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Food Buyer's New Policy Seeks to Protect Human Health from Antibiotic Overuse

U.S. foodservice company Bon Appétit has announced a new purchasing policy designed to help protect human health by reducing the use of antibiotics in food animal production. By June 2004, Bon Appétit will only purchase chicken that has been produced without the routine use of medically important antibiotics. Bon Appétit will also apply a purchasing preference for meat, dairy and seafood that have been produced with reduced amounts of antibiotics.

Some animal producers may include antibiotics in animal feed or water to promote growth or compensate for stressful conditions on modern industrial-scale farms. Bon Appétit's policy is intended to encourage meat suppliers to administer antibiotics only when they are clearly needed to treat sick animals or animals in immediate danger of being sick.

"Bon Appétit believes that the misuse of antibiotics in farm animals makes these critical drugs less effective for humans," said Fedele Bauccio, CEO of Bon Appétit. "Bon Appétit purchases a significant amount of meat, seafood, and dairy a year, and we call on the producers that supply our company to protect human health by reducing the amount of antibiotics they use."

The policy was crafted with help from the nonprofit Environmental Defense. "By working together, Environmental Defense and Bon Appétit plan to leverage the company's purchasing power to help preserve the effectiveness of antibiotics for humans," said Gwen Ruta, program director, Environmental Defense. "This announcement, coming shortly after a similar announcement from McDonald's reinforces the feasibility and affordability of responsible antibiotic practices. Environmental Defense calls on other major purchasers to continue this trend by adopting similar policies."

"A current estimate is that an astonishing 70% of all antibiotics and related drugs in this country are fed to chickens, cows and pigs," Becky Goldburg, Ph.D., senior scientist, Environmental Defense. "Policies like McDonald's and Bon Appétit's show that reducing antibiotic use is both feasible and affordable, and they point the way toward sensible national policies to end inappropriate antibiotic use in animal agriculture."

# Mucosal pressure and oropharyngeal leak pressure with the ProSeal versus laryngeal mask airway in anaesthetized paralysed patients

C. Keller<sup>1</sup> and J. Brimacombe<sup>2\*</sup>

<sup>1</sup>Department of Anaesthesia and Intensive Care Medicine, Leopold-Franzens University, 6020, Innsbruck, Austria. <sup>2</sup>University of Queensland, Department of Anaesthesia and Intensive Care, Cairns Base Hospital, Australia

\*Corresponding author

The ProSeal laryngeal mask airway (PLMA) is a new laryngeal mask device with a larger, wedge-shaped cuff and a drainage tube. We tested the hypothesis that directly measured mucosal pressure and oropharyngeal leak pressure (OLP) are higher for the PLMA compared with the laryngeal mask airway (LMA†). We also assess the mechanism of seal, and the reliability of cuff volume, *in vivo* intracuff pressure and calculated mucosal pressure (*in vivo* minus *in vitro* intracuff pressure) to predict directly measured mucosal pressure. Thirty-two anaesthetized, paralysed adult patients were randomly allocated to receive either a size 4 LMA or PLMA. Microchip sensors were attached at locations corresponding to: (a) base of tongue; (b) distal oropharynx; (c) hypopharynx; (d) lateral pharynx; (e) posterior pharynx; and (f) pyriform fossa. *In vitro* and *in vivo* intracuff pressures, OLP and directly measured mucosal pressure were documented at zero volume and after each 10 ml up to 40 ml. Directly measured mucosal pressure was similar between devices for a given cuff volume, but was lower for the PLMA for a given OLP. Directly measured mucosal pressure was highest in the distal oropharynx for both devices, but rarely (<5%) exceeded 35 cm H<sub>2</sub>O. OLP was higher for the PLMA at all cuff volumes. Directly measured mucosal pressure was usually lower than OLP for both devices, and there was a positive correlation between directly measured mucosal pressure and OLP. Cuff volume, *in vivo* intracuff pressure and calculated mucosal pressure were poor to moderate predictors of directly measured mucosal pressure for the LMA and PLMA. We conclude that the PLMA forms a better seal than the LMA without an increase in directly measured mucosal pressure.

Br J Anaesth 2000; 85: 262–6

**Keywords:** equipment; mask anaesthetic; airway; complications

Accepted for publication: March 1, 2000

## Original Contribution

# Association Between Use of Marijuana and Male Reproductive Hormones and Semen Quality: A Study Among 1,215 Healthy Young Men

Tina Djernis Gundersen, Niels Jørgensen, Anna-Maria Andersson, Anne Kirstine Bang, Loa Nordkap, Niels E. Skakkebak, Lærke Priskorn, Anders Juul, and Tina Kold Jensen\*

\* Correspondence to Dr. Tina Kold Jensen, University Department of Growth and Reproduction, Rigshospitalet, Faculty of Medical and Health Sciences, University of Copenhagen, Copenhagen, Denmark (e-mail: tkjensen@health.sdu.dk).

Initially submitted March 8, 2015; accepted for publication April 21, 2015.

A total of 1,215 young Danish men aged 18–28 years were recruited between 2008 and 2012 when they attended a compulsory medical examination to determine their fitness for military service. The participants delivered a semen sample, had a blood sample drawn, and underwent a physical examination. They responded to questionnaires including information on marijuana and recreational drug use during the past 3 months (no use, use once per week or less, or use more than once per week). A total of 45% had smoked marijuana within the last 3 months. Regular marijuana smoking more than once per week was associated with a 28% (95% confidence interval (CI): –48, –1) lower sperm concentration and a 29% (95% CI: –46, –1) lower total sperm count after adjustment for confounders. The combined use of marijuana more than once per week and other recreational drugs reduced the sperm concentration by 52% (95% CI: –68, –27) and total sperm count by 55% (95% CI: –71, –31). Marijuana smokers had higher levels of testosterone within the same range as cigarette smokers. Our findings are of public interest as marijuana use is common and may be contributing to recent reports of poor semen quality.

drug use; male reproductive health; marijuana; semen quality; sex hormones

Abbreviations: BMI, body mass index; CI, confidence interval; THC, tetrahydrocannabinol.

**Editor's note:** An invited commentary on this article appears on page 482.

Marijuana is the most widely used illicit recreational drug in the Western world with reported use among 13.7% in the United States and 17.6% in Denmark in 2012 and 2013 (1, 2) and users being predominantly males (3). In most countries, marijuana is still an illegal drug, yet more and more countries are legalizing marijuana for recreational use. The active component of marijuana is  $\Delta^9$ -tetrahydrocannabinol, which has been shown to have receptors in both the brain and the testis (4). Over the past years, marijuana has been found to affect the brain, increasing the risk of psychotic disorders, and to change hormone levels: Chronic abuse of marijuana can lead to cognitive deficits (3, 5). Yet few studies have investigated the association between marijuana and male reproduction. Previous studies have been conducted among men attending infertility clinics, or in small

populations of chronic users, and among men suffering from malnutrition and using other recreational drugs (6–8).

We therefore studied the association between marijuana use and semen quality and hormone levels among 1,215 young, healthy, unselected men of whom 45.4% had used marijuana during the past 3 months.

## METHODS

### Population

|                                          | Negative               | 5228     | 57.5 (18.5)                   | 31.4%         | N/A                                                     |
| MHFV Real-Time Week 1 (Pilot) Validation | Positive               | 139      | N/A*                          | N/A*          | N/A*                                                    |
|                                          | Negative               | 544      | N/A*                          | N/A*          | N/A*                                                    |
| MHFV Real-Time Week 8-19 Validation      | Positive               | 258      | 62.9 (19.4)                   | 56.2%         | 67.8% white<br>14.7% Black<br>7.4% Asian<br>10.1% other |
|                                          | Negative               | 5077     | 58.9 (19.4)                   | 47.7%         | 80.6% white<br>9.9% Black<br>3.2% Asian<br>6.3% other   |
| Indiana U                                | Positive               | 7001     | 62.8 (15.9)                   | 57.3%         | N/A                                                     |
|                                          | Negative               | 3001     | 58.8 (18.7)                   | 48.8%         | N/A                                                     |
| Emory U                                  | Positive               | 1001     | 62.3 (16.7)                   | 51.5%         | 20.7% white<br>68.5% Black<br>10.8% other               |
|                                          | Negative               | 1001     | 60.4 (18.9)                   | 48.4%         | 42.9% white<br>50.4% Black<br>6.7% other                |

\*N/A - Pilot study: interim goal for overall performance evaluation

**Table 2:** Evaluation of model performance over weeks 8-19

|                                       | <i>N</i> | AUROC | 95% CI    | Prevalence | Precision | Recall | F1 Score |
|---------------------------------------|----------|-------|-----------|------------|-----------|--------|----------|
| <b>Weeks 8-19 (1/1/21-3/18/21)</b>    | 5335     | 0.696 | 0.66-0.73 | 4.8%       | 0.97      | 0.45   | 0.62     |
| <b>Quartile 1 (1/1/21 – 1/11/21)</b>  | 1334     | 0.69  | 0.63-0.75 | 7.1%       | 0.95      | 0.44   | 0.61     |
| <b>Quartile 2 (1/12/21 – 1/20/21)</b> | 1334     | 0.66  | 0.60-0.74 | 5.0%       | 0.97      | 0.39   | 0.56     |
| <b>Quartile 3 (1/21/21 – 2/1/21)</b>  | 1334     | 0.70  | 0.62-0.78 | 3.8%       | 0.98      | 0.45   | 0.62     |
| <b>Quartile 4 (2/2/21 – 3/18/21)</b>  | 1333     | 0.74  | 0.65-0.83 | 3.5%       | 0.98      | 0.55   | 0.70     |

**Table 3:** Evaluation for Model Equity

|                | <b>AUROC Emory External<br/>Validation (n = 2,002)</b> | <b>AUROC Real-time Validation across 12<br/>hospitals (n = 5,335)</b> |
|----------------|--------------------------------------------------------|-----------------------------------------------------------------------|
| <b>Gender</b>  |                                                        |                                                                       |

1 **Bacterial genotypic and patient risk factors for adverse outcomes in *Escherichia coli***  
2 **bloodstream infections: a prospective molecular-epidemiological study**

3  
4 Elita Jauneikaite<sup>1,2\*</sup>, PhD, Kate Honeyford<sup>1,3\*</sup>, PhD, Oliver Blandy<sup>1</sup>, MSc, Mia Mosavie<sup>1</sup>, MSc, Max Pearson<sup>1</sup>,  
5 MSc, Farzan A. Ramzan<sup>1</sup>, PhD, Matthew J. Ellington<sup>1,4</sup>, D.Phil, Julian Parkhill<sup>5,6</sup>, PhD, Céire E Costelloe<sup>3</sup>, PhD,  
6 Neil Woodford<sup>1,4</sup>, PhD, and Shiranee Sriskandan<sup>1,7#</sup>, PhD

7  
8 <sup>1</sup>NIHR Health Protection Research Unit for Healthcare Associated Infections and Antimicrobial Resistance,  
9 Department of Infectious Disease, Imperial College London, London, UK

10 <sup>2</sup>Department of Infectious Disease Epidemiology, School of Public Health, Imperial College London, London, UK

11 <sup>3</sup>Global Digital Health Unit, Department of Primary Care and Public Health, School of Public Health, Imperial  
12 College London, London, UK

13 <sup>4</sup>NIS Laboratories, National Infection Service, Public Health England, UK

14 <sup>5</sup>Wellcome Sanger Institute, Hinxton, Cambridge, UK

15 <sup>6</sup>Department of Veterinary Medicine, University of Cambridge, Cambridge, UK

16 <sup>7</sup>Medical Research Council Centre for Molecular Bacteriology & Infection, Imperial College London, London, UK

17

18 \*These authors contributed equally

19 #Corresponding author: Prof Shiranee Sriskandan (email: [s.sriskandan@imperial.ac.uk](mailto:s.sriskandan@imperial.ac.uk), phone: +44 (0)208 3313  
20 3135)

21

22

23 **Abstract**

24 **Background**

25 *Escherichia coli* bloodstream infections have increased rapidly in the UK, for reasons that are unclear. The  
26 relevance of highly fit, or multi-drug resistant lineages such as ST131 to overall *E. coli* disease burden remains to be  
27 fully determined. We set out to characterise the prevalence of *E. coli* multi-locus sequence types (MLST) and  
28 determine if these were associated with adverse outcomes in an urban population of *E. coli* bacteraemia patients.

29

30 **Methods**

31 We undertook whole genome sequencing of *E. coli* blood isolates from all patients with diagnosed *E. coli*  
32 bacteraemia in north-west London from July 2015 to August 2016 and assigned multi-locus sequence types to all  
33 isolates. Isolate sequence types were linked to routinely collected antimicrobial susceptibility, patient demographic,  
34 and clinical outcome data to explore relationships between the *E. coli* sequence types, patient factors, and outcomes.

Bon Appétit's policy, which mirrors bipartisan legislation introduced in both houses of Congress this summer, states that the company will only purchase chicken, and will implement a purchase preference for other animal products, that have been produced without certain classes of non-therapeutic antibiotics, as committed and reported by its suppliers. Non-therapeutic is defined as any use of an antibiotic as a feed or water additive for an animal in the absence of any clinical sign of disease in the animal for growth promotion, feed efficiency, weight gain, routine disease prevention, or other routine purposes.

Therapeutic uses and non-routine disease prevention are explicitly excluded from the definition of non-therapeutic. Every participating supplier under this policy must submit in writing their commitment to abide by Bon Appétit's antibiotic use policy.

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